I can certainly attest to that, having had trouble getting funding – and even getting a job – because I was doing quite a bit of applied research in collaboration with government and industry. I also like their point about putting people at the centre of environmental science, and making meaningful collaborations with social scientists and communities. I think this article sums up what many people are already thinking – the key will be putting it in practice.

On writing as activism

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I had never heard of Taylor Brorby until one of the members in our Science Creative Nonfiction Slack group shared this interview with him. Brorby lives in western North Dakota and has been an active witness to the Bakken oil boom in that region. Much of the oil is accessed via fracking, so Brorby decided to pull together an anthology of writing about fracking and fossil fuels. What struck me about Brorby was that he’s strongly connected to nature, and that rootedness in place manifests as serious advocacy for that place in the face of daunting environmental obstacles. I appreciate this approach, because I find that sometimes nature writing can be quite airy fairy and self-referential – something Brorby is not. I think it’s what many of us aim for in our writing – connecting to nature but also making a statement about how it’s being managed. My favourite quote:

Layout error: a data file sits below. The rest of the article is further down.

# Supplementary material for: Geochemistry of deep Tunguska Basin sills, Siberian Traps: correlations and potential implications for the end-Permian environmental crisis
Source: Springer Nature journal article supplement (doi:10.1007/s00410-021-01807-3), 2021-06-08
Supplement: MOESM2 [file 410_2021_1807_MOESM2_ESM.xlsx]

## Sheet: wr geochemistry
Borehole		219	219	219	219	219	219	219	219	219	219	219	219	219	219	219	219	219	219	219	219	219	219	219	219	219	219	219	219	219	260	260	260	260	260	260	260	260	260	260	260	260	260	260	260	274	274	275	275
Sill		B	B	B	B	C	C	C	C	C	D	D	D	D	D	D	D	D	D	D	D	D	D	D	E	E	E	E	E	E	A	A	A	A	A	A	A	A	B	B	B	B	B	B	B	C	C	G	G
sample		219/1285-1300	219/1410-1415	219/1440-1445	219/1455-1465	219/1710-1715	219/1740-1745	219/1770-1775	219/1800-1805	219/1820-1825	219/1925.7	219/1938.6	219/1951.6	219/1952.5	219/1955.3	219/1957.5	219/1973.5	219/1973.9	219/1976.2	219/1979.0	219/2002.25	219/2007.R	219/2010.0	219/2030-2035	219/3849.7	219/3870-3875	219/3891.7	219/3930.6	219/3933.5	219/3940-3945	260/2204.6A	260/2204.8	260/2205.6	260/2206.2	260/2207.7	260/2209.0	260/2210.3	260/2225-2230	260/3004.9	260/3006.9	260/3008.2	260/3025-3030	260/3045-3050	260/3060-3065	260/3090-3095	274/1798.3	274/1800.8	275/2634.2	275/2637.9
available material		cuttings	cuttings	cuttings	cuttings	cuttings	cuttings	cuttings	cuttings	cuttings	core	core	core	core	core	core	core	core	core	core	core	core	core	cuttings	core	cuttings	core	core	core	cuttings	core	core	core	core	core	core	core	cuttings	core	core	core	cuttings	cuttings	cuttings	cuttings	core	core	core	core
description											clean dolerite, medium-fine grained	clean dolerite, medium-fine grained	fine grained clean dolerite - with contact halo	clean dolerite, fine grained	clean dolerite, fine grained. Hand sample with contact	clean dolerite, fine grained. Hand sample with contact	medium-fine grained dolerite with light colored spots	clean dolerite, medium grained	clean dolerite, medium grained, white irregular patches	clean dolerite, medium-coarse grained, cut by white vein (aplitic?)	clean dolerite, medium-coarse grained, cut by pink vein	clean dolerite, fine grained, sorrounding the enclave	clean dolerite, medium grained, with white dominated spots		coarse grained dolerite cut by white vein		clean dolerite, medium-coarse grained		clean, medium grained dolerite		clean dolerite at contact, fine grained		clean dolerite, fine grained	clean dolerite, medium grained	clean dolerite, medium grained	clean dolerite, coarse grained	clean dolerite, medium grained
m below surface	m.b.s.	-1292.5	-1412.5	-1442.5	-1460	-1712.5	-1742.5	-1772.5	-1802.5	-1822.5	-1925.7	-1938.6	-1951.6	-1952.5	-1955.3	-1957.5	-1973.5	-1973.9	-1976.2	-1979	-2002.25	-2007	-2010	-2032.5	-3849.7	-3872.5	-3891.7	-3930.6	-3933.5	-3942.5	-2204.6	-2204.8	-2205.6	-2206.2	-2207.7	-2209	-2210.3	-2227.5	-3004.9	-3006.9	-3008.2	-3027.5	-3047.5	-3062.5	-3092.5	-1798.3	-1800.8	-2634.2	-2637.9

“For me, it begins and ends with land. The beautiful bentonite bluffs of western North Dakota are my backbone and the sediment-laden Missouri River is the main artery that is me.”

Writing advice from Aya de Leon

As a member of a number of women’s writing groups on Facebook, I received an email containing an interview with Aya de Leon. De Leon is a novelist who has written a book a year, directs the Poetry for the People program at UC Berkeley, and is the primary parent in her family. I’m not a fan of the ‘you can write a book a year too if you write every day’ spiel (read my thoughts about that here). But de Leon’s first point really resonated with me. She said:

“You need to know that you have the right to speak and the right to spend time writing. You need to have the expectation of an audience, and the understanding that someone wants/needs to hear your words. If you don’t have this in place, none of the other tools will work.

This flies in the face of our female conditioning to be readers. A girl who reads is a good girl, a quiet girl. But broadcasting requires a sense of entitlement. We need to know that we matter and that our work has significance.”

This is true on so many levels. Many of her other points were spot-on as well. Worth a read.

Changing our language to include nature